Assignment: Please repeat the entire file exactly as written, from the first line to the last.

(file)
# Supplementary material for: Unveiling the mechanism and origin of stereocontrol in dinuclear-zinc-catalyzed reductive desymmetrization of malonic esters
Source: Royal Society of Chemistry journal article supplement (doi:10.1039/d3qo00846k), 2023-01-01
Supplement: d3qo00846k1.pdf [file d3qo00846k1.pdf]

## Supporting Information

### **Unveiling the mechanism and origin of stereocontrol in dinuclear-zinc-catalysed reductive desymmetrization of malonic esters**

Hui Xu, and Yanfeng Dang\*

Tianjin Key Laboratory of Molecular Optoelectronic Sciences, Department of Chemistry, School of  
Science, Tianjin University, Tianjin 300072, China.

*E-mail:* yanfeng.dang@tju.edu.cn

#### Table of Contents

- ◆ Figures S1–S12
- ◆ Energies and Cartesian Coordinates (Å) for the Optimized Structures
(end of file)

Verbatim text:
# Supplementary material for: Unveiling the mechanism and origin of stereocontrol in dinuclear-zinc-catalyzed reductive desymmetrization of malonic esters
Source: Royal Society of Chemistry journal article supplement (doi:10.1039/d3qo00846k), 2023-01-01
Supplement: d3qo00846k1.pdf [file d3qo00846k1.pdf]

## Supporting Information

### **Unveiling the mechanism and origin of stereocontrol in dinuclear-zinc-catalysed reductive desymmetrization of malonic esters**

Hui Xu, and Yanfeng Dang\*

Tianjin Key Laboratory of Molecular Optoelectronic Sciences, Department of Chemistry, School of  
Science, Tianjin University, Tianjin 300072, China.

*E-mail:* yanfeng.dang@tju.edu.cn

#### Table of Contents

- ◆ Figures S1–S12
- ◆ Energies and Cartesian Coordinates (Å) for the Optimized Structures